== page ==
Chances are, you’ve eaten something with soybean oil in it today. It’s America’s most widely-consumed edible oil, making billions of dollars each year. In recent years, as soybean oil rose in popularity, so too did obesity, diabetes and insulin resistance. Today, scientists are researching the possibility that soybean oil is responsible for genetic changes to our brains.
This is particularly alarming because soybean oil is everywhere—not just in your food. You can find soy in everything from the feed industrial farm animals eat to biodiesel. Deciding to live your life without consuming soy could be a difficult goal to undertake, but if research is to be believed, it might just be for the best.
Soybeans are the cash crop of the modern age
America is the world’s leading producer of soybeans, both for animal feed and vegetable oil. In fact, 90% of America’s oilseed crop is comprised of soybeans. In 2016, the soybean industry was worth nearly $41 billion. It’s not only used for the protein in animal feed and for human consumption, but also industrial lubricants, plastics, biodiesel and even pharmaceuticals. Avoiding soy is becoming more difficult than ever: it’s cheap, easy to grow and has a variety of applications.
Soy’s impact on our brain chemistry
In a recent study at UC Riverside, scientists studied the effects of soybean oil on male mice. Originally, researchers thought the culprit might be linoleic acid, so they tested a soybean oil that was modified to contain less of the chemical. It didn’t seem to make a difference. The mice who were fed modified and unmodified soybean oil still induced insulin resistance and obesity, as opposed to the mice who were fed coconut oil instead.
This led scientists to study the effects of soybean oil on the hypothalamus, which is responsible for regulating metabolism among many other important processes. The mice who were fed soybean oil suffered from malfunctioning genes. In fact, soybean oil consumption appears to affect about 100 genes total.
Interestingly, soybean oil consumption hampers the gene responsible for producing oxytocin—you might know it as the “love hormone,” which is often released when people bond socially through sex, cuddling, childbirth and even playing with your pet. Oxytocin is linked to obesity and regulating metabolism. The implication is that this could be one reason you’re having a hard time losing weight. Your brain function may have changed thanks to soybean oil!
Don’t panic yet!
The research isn’t complete. First, scientific results in mice do not always translate to the same outcome in humans. Second, the mice used in the study were all male, and because oxytocin plays such a huge role in childbirth and mothering, further studies need to be completed on female mice. Finally, researchers need to determine exactly which chemical in soybean oil is related to the genetic changes.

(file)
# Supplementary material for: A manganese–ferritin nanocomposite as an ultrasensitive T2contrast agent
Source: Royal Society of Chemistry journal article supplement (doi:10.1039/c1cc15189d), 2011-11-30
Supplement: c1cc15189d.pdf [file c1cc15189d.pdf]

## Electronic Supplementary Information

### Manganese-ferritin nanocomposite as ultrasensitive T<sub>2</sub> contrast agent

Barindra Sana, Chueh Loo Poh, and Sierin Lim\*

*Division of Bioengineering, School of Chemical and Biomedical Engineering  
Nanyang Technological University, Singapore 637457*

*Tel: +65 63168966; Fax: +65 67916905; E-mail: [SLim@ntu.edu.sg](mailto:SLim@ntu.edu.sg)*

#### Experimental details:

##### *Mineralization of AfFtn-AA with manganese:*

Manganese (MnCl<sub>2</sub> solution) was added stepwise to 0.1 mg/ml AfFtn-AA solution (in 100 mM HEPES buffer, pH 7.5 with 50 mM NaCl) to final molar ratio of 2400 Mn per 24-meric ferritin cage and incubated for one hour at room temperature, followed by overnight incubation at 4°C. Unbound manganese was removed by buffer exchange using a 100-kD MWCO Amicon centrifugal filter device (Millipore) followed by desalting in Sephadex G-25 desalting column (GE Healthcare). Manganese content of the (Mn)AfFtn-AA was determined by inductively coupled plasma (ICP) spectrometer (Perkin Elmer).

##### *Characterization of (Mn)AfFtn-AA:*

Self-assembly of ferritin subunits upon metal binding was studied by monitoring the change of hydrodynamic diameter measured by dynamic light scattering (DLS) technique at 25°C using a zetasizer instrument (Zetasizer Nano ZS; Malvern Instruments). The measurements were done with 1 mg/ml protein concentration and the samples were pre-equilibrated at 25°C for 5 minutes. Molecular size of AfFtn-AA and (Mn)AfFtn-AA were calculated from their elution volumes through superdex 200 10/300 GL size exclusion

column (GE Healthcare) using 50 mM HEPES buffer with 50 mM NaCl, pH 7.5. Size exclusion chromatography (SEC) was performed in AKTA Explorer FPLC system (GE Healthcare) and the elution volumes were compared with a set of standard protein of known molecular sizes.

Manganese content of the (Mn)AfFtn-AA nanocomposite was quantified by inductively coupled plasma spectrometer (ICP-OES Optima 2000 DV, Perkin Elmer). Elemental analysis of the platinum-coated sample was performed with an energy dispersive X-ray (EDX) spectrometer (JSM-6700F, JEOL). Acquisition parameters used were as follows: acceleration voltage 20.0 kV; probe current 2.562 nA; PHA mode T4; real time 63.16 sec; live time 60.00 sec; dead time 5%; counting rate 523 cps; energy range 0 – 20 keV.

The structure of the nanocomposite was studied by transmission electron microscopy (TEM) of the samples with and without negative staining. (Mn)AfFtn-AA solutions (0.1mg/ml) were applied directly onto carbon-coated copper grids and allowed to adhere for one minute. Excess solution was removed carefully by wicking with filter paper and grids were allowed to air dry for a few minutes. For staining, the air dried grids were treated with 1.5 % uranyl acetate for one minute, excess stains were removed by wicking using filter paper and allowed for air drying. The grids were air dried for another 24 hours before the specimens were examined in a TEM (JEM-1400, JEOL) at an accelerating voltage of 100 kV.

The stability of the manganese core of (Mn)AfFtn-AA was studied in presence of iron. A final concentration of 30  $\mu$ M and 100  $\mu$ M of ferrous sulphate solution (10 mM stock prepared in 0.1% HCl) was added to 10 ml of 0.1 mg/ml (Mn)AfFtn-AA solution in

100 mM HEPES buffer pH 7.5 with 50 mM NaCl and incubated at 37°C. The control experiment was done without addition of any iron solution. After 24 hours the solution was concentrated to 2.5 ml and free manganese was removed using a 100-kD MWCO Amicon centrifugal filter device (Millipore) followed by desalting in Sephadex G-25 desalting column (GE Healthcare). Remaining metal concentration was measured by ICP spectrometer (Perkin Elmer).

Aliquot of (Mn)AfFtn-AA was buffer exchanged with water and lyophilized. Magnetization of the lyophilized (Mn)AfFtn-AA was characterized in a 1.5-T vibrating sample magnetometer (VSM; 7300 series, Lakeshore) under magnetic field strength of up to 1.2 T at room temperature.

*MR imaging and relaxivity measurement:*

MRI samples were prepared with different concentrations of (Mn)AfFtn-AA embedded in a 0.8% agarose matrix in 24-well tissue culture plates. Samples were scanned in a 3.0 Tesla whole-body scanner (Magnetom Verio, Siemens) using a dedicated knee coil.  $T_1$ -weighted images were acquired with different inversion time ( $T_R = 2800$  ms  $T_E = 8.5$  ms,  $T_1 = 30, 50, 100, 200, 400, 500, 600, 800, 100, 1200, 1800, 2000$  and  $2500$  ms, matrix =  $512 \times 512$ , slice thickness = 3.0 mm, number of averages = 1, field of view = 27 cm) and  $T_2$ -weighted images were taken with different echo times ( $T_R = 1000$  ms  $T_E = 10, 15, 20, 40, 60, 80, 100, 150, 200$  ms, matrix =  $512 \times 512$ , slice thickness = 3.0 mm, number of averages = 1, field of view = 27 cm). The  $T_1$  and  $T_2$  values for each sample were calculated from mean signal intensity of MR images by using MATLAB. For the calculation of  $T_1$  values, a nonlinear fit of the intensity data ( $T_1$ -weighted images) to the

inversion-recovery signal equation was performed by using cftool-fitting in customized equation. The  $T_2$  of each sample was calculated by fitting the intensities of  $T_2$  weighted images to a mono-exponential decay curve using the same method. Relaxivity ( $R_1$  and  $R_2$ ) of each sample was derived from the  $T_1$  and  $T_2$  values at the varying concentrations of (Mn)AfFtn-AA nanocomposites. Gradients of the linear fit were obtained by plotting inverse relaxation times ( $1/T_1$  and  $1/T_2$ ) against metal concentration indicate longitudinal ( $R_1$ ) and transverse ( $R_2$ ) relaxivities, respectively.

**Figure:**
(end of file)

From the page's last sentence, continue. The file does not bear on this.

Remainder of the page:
Yes, you should cut down on your soy consumption, especially if obesity, diabetes and insulin resistance are already a problem for you or your family—but there are plenty of healthier cooking oils available, including coconut oil.
It’s getting harder to avoid soy
Although you might be tempted to throw out all of your soy products, from milk to tofu, that’s not necessary—many foods like tofu only contain a small amount of the oil as opposed to healthy fatty acids and proteins. However, the authors of the study caution you to reduce your soybean oil consumption as much as possible. That means avoiding pre-processed and packaged food as well as margarine, ready-made salad dressings, and most restaurant fried food.
While it’s not realistic for most people to avoid all these products all of the time, unless you want to spend most of your free time cooking, it’s a good idea to reduce your consumption.
How can you avoid the brain drain?
One of the best ways to avoid soybean oil is to read the labels on every food item you buy, and be aware that it’s not always obvious which ones contain soy. This will take a little additional research and time on your part. The other major way to avoid soybean oil is to start making your food from scratch. Again, this takes extra time, but the payoff is worth it: not only will you avoid a harmful food, but everything will taste so much better.
If you’re looking for good soybean oil substitutes, corn, canola, safflower and peanut oil are all good places to start—but remember to check the label to make sure they weren’t cut with soybean oil.
It might be a bit of a pain, but reducing your soybean oil consumption could save your brain chemistry.